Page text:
Tag Archives Greek Colonels


By Posted on 2 Comments1min read218 views

The thirteenth century’s major earthquake

resulted in a tsunami that buried

a bishop and his congregation, razed

the castle – a Byzantine fort – broke

the Roman breakwater, leaving rocks

like cracked teeth, rendered the harbour useless

for sea going vessels and reduced this once

capital city to a fishing village

which the odd traveller would visit

for the lustrous mosaics nearby.


On the corniche, watched by strolling tourists

and two armed Port & Marine policemen,

museum attendants on their lunch break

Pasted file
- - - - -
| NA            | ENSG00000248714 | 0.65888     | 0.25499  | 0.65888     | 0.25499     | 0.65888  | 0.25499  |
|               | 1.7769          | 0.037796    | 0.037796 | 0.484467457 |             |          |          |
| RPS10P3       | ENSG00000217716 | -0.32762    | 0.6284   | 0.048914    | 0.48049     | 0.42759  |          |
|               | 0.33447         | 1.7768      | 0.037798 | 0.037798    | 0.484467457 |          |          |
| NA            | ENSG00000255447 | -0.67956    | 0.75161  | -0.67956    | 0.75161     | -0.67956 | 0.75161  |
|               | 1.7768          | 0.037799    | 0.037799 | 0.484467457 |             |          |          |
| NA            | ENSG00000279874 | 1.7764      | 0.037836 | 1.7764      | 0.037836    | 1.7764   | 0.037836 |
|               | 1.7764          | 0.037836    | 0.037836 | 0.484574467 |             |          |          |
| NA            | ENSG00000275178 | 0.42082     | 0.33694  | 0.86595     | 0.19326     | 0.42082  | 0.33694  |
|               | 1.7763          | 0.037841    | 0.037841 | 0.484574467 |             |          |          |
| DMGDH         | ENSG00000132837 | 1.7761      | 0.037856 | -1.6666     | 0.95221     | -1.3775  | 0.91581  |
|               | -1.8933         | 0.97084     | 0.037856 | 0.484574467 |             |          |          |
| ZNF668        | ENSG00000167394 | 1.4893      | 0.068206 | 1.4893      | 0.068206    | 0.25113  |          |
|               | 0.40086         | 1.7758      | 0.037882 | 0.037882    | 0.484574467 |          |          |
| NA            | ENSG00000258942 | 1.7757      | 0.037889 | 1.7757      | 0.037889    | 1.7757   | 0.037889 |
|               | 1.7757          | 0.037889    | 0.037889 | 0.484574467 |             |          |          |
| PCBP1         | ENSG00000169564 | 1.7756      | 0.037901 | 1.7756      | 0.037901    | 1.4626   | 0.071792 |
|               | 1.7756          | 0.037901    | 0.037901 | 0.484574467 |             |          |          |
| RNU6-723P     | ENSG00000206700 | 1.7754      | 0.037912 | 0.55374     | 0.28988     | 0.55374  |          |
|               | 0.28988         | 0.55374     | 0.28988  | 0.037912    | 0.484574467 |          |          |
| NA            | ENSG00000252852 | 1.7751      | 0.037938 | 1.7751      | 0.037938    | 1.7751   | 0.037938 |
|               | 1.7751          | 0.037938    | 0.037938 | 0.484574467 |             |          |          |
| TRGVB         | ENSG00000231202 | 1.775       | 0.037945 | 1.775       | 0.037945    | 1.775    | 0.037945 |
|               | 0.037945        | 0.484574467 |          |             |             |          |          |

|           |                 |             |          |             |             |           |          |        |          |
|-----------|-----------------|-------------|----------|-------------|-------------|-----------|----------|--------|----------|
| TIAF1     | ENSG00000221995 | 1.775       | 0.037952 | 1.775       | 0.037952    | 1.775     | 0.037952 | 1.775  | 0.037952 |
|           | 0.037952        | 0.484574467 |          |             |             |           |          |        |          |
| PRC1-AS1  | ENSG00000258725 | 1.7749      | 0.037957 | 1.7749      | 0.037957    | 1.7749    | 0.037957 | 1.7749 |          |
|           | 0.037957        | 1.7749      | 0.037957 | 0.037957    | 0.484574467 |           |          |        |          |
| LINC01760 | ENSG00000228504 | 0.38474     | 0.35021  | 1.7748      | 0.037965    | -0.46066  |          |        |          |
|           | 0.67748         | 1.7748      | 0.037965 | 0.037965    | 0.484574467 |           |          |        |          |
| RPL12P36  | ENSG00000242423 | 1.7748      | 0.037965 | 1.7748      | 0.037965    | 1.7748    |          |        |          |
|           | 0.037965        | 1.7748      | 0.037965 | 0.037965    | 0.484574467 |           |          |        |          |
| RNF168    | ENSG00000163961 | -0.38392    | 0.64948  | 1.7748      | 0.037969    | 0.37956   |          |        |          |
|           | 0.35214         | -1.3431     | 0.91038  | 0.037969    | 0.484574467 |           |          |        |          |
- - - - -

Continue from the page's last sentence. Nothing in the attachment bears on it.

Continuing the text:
and taxi drivers between fares line fish.

The breakwater is like a uneven row

of shark fins against the silver waters.


The Greek Colonels invaded Cyprus,

in my thirties, then the Turkish ones. Atrocities

were committed, old neighbourhoods deserted.

In my youth, near here, in a villa

with a high white walled garden, British

Military Intelligence attempted

to deter young would-be terrorists

and waterboarded Cypriot teenagers.

The impromptu fishermen reel in

occasional gilt head bream and red mullet.

Whoever holds the rod, it seems, or pen

gets to make history.





By Posted on 4 Comments

This day marks fifty years since we came to live in this ...


By Posted on 0 Comments

You and I with fifty valentines and February’s sun pale on the ...


By Posted on 0 Comments

On the first spring day of prolonged clear sunshine she mows the ...